Below link is a good site to learn about pumping, with tips on tweaking your settings. If interested, they will set up appointment to give personalized advice for a fee.
The book “Think Like a Pancreas” is great, and the author runs the site above (Gary Schiener), so some of the same info is in that book.
“Pumping Insulin” is also good book, by
Carb ratio says if you eat 20 carbs, you need 1 unit of insulin
Correction factor means 1 unit of insulin will decrease your BG by 17.
Basal of .3 .2 means the rate of insulin per hour that is delivered for the time block assigned to.
However, these numbers are approximations. A given time they vary, since many other factors influence your BGs, such as exercise, stress, etc. So if you just exercised, and then eat, your bg may drop if you do 1 unit for 20 carbs.
And during/after exercise, your basal rate may cause your bg to drop.
So having CGMS or frequent bg testing is best way to use pump and make corrections based on bg trend up, down or flat.
If you have CGMS, Sugar Surfing is a great book and website.
A carb ratio is simply the number of grams of dietary carbohydrates that one unit of insulin can metabolize while holding your glucose within a desired range. Your ratio of 1:20 means that 1 unit of insulin covers 20 grams of dietary carbs. Also known as carb factor.
A correction factor shows how many mg/dL one unit of insulin can drop or correct an out-of-range high blood glucose. Your correction factor of 1:17 indicates that one unit of insulin will drop your high glucose level by 17 mg/dL. Also known as Insulin Sensitivity Factor or ISF.
A basal rate (usually attributed to insulin pump management) is the amount of insulin units per hour delivered. The basal rate is intended to metabolize the steady drip of glycogen (glucose) typically released by the liver – nothing more, nothing less.
An optimized basal rate will keep your glucose levels steady when not eating. Basal rate needs often fluctuate over the day and are customized for each person. Many of us need more basal insulin in the early morning hours and less basal insulin in the late afternoon hours. Everyone is different in their basal needs and these needs do change.
All three of these settings may need to change over time. Your job is to detect that changing need and adjust your settings to counteract that change and leave your glucose in a desired range. A good example of this is often reported related to a women’s monthly cycle.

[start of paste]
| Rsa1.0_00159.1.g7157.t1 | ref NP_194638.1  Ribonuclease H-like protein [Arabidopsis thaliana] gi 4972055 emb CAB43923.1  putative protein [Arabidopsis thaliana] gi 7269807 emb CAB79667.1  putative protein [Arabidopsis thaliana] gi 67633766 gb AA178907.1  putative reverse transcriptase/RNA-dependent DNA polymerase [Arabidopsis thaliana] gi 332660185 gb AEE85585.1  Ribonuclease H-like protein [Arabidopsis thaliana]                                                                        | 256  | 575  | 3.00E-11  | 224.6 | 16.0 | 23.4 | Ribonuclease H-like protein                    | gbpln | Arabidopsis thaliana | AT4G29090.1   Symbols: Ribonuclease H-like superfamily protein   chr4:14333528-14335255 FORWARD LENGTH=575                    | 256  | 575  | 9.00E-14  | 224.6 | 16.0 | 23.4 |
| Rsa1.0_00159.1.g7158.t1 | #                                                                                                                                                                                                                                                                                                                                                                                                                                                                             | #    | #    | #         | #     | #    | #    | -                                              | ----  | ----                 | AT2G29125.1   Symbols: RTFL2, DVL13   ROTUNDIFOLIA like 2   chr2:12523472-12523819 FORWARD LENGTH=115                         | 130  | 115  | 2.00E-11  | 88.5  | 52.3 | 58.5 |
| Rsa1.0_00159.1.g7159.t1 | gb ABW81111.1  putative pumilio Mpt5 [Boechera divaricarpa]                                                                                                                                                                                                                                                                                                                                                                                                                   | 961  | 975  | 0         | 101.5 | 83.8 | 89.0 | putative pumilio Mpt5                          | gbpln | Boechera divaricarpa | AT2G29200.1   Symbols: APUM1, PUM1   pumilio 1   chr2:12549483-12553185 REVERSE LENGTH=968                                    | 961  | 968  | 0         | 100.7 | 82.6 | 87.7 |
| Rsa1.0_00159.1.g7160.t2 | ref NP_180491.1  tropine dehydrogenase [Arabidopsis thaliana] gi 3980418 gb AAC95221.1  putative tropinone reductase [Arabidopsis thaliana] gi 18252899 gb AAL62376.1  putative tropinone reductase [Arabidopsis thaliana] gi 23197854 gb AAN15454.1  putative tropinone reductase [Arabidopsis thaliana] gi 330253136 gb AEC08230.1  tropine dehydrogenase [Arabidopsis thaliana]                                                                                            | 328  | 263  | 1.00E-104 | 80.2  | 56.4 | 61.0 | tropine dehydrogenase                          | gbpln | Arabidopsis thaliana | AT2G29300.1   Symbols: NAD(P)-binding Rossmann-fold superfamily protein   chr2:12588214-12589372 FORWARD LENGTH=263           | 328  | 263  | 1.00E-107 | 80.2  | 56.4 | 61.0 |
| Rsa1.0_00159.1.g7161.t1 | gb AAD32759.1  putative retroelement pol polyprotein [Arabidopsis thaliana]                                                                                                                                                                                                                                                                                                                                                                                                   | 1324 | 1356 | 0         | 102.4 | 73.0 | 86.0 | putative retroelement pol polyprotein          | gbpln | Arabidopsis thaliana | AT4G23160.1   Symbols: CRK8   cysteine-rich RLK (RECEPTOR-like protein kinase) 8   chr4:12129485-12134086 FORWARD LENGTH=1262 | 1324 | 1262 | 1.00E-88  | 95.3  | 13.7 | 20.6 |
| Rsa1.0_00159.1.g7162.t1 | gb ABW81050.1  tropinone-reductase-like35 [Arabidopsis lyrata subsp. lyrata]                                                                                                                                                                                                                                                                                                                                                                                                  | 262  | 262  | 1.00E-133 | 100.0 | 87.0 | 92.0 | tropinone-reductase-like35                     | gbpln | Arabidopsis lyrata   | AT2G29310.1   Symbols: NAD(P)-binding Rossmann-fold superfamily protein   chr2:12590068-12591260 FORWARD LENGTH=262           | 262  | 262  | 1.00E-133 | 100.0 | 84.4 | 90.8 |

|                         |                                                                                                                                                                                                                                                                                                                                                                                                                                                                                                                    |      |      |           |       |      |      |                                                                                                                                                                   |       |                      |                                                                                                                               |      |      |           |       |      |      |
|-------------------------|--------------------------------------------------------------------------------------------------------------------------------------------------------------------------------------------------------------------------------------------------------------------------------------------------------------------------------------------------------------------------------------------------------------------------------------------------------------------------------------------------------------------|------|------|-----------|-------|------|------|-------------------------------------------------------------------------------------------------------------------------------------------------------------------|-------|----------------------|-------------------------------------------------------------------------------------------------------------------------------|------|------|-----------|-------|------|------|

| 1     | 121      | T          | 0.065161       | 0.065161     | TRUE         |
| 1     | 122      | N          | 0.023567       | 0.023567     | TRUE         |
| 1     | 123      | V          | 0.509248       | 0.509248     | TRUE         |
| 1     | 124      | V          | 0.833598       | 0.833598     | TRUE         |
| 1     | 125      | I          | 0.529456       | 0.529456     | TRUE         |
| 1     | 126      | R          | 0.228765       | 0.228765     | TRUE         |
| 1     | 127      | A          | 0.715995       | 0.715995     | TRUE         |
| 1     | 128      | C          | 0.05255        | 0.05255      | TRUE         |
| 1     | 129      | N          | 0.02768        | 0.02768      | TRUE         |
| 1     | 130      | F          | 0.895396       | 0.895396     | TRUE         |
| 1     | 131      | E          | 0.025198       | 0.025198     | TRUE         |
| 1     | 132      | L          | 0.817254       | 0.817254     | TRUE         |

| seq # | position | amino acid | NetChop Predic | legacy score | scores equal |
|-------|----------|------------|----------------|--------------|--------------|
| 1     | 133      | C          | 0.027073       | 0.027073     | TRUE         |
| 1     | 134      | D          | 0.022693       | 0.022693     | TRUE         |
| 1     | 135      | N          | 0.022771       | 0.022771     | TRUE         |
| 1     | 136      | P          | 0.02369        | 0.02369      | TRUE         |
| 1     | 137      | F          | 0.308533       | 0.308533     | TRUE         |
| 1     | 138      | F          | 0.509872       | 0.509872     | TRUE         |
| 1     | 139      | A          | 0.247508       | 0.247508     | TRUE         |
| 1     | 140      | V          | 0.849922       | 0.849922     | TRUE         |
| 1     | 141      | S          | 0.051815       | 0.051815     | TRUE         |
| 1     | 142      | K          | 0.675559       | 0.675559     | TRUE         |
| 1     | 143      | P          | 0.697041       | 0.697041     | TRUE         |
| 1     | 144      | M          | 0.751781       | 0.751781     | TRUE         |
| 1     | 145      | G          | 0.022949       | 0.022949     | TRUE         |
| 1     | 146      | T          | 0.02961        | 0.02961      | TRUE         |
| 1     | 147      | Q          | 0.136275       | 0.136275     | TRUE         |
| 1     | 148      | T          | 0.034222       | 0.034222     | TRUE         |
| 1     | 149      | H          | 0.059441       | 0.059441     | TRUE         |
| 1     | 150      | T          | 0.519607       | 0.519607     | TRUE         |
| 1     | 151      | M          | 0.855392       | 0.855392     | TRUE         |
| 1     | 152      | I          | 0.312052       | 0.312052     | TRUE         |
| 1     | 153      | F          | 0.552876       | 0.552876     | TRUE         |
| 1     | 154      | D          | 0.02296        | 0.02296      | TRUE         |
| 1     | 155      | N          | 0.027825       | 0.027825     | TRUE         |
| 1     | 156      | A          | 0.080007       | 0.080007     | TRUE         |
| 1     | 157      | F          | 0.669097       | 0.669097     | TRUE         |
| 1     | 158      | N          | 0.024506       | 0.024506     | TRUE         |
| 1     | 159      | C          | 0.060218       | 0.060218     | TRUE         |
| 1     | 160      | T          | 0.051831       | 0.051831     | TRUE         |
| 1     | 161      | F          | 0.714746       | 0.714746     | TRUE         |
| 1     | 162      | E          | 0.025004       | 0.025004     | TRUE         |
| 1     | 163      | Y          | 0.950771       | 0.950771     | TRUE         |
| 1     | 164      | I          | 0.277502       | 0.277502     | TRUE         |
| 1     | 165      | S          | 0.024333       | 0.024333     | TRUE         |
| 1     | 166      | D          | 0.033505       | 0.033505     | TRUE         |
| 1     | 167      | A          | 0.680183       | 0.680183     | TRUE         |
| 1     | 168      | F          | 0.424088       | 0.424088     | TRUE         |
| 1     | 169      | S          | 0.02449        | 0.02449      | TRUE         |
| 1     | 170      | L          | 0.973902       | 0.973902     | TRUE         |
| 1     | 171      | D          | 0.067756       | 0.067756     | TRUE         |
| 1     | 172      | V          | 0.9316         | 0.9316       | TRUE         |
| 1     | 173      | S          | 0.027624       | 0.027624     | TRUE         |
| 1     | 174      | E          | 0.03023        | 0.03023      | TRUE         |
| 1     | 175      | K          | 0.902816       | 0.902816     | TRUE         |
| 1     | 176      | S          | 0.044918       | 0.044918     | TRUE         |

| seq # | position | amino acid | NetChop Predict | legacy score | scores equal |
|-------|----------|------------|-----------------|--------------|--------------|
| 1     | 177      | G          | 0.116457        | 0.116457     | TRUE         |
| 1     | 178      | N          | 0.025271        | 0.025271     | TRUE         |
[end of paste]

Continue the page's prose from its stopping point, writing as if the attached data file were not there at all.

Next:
Wearing a CGM (continuous glucose monitor) and paying attention to its data-stream can educate you about your custom needs.
I’ll throw it out there… Both your carb ratio and basal suggest you’re still pretty sensitive to insulin. Everyone’s needs are different, but both those values deliver less insulin than “average”.
Yet… Your correction factor is really low in comparison! Just for comparison, I’m on the opposite end of the spectrum. I’m fairly insulin resistant and need way more insulin than my petite size would indicate. My correction factor is 1:46. I need roughly 1 unit of insulin to drop me 46 points, even while battling all my insulin resistance. You’re taking a full unit of insulin to drop you just 17 points! That doesn’t correlate with your sensitive basal and I:c ratio settings.
Edit: After I typed this, I realized the “17” in question might indicate mmol rather than the mg/dl which dominates in the US. I guess the 17 might actually correlate after all if you use the mmol system. I’m going to let my comment stand, though, in case you are actually in the US.
Well what you are telling me is what I understand.
But, even when I change my basal rate, when I put in my Carbs; n my pump gives too much insulin. That is why I am questioning my correction and sensitivity factor.
Nan, you need to work with your diabetes team and do some work and testing to get the best basal Bolus levels. You’ll first use the calculation based on your weight to figure your total daily insulin required. Then from that you’ll use a percentage for basal and the rest as bolus. Mine is 60 percent bolus and 40 percent basal. This is for a confirmed T1D using only insulin for treatment. For T2D, it gets far more complicated. From you ratios I’d just guess your basals too high but you you absolutely need to work with your doctor.